20 Now among those who went up to worship at the festival were some Greeks. 21 They came to Philip, who was from Bethsaida in Galilee, and said to him, “Sir, we wish to see Jesus.” 22 Philip went and told Andrew; then Andrew and Philip went and told Jesus. 23 Jesus answered them, “The hour has come for the Son of Man to be glorified. 24 Very truly, I tell you, unless a grain of wheat falls into the earth and dies, it remains just a single grain; but if it dies, it bears much fruit. 25 Those who love their life lose it, and those who hate their life in this world will keep it for eternal life. 26 Whoever serves me must follow me, and where I am, there will my servant be also. Whoever serves me, the Father will honor.
27 “Now my soul is troubled. And what should I say—‘Father, save me from this hour’? No, it is for this reason that I have come to this hour. 28 Father, glorify your name.” Then a voice came from heaven, “I have glorified it, and I will glorify it again.” 29 The crowd standing there heard it and said that it was thunder. Others said, “An angel has spoken to him.” 30 Jesus answered, “This voice has come for your sake, not for mine. 31 Now is the judgment of this world; now the ruler of this world will be driven out. 32 And I, when I am lifted up from the earth, will draw all people to myself.” 33 He said this to indicate the kind of death he was to die.
Many years ago, when I was in college, I often went on retreats to the small mountain town of Montreat, North Carolina, outside of Asheville. Montreat is home to a Presbyterian conference center, and many a retired pastor and missionary. It was also home to the retired, world renowned Baptist evangelist, Billy Graham. Billy Graham had been a spiritual advisor to every president from Harry Truman to Barack Obama. He held religious revivals all over the world drawing crowds of tens of thousands, and inspired the conversion of millions of Christians. He was at that time living a quiet life in Montreat with his wife, out of the public eye.
On a walk one morning, some friends and I decided we’d like to pay Billy Graham a visit. No matter the fact that he was one of the most famous people in the world. We figured, if we could find his house, knock on the door and introduce ourselves, surely, he’d have us in for a glass of tea and some conversation. We managed to locate his driveway. It was long, windy and at least a quarter of a mile from the road to the house. We thought it odd no one had stopped us yet. I knocked on the door. I was not expecting Billy Graham to answer. And he did not. It was not Billy Graham’s house, incidentally. It was Philip’s house. Philip worked for Billy Graham who, it turned out, lived a good way further down that long drive way. I said to Philip, “Sir, we wish to see Billy Graham.” Philip politely explained that would not be happening. So, we talked with Philip about Billy Graham, which was nice.
John tells us in the fourth gospel that one day some Greeks were looking for Jesus while he was in Jerusalem for the Passover festival. They did not find Jesus, but they did find Philip. He was a follower of Jesus, a disciple. They asked him, ever so politely, “Sir, we wish to see Jesus.” In the timeline of John’s gospel, this happens after Palm Sunday and Jesus’ triumphant entry into Jerusalem. So that means that this is the last week of Jesus’ life. He had already been speaking about his death and now that they were in the holy city, swollen in size with the crowds which had gathered for the festival, it makes sense that Jesus was not as easy to access as he had been at other points. His life was at risk. Philip seemed to have been acting as a bouncer. So, when some Greeks wanted to see Jesus, they could not just go to his house, knock on the door, and have Jesus invite them in for tea. Instead they met Philip.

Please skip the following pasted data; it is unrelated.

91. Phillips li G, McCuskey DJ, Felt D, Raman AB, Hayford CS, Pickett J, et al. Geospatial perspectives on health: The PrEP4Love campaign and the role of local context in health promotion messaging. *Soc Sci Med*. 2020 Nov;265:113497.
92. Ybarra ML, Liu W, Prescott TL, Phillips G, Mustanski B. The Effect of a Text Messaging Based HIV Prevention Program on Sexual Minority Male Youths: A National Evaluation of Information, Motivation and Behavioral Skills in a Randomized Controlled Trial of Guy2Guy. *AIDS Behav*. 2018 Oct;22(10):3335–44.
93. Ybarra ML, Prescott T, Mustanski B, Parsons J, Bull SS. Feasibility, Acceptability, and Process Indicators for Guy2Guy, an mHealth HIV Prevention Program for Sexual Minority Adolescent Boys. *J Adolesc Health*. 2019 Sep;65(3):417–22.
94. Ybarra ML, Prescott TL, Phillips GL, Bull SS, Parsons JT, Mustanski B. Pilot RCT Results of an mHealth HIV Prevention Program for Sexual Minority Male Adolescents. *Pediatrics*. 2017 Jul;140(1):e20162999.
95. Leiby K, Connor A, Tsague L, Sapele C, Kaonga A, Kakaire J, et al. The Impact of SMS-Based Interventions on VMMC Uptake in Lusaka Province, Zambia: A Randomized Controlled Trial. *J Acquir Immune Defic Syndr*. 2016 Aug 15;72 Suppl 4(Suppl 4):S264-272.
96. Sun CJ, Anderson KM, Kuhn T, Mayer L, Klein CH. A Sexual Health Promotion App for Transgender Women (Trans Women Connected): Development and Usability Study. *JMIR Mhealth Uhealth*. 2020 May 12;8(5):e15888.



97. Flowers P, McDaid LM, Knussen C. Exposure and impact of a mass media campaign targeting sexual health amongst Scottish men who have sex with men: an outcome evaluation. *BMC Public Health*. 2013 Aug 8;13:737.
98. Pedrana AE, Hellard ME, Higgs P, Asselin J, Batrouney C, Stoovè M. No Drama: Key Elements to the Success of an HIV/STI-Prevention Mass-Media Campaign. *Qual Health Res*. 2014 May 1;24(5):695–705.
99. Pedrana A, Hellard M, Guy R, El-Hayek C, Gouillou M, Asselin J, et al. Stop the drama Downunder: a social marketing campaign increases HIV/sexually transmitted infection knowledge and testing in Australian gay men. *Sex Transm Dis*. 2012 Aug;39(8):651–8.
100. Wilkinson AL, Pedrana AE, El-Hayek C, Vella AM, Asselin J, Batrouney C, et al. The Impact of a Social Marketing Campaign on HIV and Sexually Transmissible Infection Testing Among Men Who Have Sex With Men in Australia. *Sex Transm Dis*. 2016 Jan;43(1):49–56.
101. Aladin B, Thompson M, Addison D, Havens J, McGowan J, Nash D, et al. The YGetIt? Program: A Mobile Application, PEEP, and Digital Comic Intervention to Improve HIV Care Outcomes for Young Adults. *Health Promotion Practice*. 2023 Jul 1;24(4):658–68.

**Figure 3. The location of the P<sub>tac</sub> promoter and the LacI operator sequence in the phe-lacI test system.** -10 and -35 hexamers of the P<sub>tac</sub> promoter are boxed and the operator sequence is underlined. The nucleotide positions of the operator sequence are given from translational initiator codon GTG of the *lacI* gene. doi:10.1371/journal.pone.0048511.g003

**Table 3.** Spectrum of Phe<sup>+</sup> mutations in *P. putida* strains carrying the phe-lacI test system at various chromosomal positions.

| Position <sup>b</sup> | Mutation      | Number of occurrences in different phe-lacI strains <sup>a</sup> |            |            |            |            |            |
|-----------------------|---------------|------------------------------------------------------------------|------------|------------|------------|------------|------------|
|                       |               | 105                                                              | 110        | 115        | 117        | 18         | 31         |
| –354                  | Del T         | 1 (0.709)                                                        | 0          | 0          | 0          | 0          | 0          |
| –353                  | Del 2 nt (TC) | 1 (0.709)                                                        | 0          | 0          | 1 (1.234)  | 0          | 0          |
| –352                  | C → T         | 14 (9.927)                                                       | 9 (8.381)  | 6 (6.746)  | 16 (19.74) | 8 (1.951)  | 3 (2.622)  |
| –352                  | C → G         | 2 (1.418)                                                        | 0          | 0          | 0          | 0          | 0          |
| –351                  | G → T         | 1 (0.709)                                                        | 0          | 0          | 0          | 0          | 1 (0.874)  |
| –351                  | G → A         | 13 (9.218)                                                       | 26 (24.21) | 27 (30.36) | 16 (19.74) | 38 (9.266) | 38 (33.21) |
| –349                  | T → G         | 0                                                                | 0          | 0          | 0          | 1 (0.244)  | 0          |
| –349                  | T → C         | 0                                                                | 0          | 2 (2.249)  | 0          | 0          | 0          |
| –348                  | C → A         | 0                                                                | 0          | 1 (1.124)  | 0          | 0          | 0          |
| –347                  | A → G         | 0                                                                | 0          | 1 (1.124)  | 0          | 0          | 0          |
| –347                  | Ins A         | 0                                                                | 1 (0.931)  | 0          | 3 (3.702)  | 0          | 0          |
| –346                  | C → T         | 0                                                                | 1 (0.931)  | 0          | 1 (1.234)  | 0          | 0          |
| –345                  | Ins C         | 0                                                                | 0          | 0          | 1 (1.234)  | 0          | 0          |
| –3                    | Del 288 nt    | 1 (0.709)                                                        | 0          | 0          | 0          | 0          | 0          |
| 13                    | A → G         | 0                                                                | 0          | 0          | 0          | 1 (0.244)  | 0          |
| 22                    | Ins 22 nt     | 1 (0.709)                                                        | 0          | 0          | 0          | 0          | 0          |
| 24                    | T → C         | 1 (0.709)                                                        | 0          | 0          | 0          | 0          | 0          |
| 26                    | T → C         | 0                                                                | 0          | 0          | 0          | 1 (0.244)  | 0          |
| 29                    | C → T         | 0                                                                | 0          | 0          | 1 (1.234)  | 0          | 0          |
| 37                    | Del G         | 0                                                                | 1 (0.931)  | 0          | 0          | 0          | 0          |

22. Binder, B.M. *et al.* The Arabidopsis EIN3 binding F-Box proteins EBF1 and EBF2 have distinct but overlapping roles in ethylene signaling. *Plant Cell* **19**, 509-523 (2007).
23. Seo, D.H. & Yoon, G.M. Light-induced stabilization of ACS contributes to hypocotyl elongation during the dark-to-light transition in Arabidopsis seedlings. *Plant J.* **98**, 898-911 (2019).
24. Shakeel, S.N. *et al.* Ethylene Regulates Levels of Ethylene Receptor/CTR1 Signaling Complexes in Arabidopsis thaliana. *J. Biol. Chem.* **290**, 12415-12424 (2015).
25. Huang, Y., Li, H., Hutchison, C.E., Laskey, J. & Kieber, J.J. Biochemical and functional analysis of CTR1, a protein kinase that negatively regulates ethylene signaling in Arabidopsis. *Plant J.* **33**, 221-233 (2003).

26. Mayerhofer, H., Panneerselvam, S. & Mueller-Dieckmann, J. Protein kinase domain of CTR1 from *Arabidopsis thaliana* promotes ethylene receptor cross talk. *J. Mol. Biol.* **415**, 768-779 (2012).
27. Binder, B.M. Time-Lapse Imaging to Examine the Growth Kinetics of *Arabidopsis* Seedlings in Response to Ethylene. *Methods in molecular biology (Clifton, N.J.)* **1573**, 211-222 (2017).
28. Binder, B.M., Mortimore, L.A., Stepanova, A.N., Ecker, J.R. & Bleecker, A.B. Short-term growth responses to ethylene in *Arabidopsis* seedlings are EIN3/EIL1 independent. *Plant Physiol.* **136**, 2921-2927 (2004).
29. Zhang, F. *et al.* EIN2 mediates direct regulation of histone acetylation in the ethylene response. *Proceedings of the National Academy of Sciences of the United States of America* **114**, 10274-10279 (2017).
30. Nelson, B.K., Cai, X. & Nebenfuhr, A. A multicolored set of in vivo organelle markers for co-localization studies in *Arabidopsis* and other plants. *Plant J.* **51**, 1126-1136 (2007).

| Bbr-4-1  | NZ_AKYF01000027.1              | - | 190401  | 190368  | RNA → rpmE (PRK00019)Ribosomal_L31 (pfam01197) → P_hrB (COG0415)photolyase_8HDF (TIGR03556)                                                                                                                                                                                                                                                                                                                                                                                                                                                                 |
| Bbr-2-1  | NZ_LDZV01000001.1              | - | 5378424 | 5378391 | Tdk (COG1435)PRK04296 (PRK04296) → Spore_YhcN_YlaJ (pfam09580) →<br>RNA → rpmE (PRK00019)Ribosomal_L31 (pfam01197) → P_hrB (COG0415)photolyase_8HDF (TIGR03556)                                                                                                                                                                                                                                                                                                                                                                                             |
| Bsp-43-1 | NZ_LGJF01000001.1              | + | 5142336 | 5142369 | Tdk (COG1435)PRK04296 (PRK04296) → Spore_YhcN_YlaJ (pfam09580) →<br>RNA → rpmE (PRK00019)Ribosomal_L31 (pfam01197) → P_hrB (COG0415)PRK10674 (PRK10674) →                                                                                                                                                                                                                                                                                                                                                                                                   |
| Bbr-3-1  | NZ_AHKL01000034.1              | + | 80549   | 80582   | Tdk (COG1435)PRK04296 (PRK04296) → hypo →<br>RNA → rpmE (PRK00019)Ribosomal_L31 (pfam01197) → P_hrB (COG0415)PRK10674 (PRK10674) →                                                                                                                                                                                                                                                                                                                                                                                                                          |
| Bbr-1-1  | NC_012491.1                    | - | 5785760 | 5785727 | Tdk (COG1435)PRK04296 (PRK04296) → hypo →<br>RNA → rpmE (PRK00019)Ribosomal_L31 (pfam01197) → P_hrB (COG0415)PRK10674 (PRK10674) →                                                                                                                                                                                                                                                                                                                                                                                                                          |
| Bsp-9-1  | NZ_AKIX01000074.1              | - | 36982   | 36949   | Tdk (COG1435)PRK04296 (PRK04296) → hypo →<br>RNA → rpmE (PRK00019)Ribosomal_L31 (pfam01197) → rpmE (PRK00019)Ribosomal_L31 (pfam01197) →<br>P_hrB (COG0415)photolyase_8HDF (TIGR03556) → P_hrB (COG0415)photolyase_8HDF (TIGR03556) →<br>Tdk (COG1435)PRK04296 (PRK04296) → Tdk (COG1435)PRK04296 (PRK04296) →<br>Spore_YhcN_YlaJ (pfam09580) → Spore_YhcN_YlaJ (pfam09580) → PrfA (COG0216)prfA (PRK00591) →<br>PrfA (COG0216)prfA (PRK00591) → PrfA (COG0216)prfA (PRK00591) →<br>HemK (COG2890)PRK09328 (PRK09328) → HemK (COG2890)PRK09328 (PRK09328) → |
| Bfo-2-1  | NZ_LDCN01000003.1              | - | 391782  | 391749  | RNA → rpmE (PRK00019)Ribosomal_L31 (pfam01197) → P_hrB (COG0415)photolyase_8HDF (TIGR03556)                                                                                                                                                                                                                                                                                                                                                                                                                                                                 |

Philip, for his part, found the fact that some Greeks wanted to see Jesus to be a bit odd. So, he didn’t take them to see Jesus, and instead he consulted with another disciple, Andrew. Andrew must have also thought this to be fishy, so they decided they should go straight to the boss. Philip and Andrew went to tell Jesus, some Greeks wanted to see him.
The Greeks were in town for the festival, which means they practiced some form of Judaism, but they were not ethnically Jewish, they were Greeks. They represented the Gentiles, those outside the ancestry of Abraham and Sarah. They were outsiders. In hearing these two people wanted to see Jesus the disciples did not say, “How wonderful, you wish to see Jesus. Please, follow me, right this way, the teacher will be thrilled to meet you.” Instead they acted as gate keepers. “Please wait here, while I see if this is authorized.” Caution and fear are the disciples first instinct, not joyful hospitality.
Caution and fear are very in right now, especially around racial and ethnic differences. Folks are wary of each other. When someone unexpected shows up sometimes they are welcomed with open arms, but often they are met with caution and concern. “Are you supposed to be here? I’ve never seen you in the neighborhood before. Can I see your ID?” There are so many ways we can other our fellow humans. The vast diversity of humankind is often cause for concern, or obsession, or discrimination, rather than celebration, appreciation, joyful hospitality.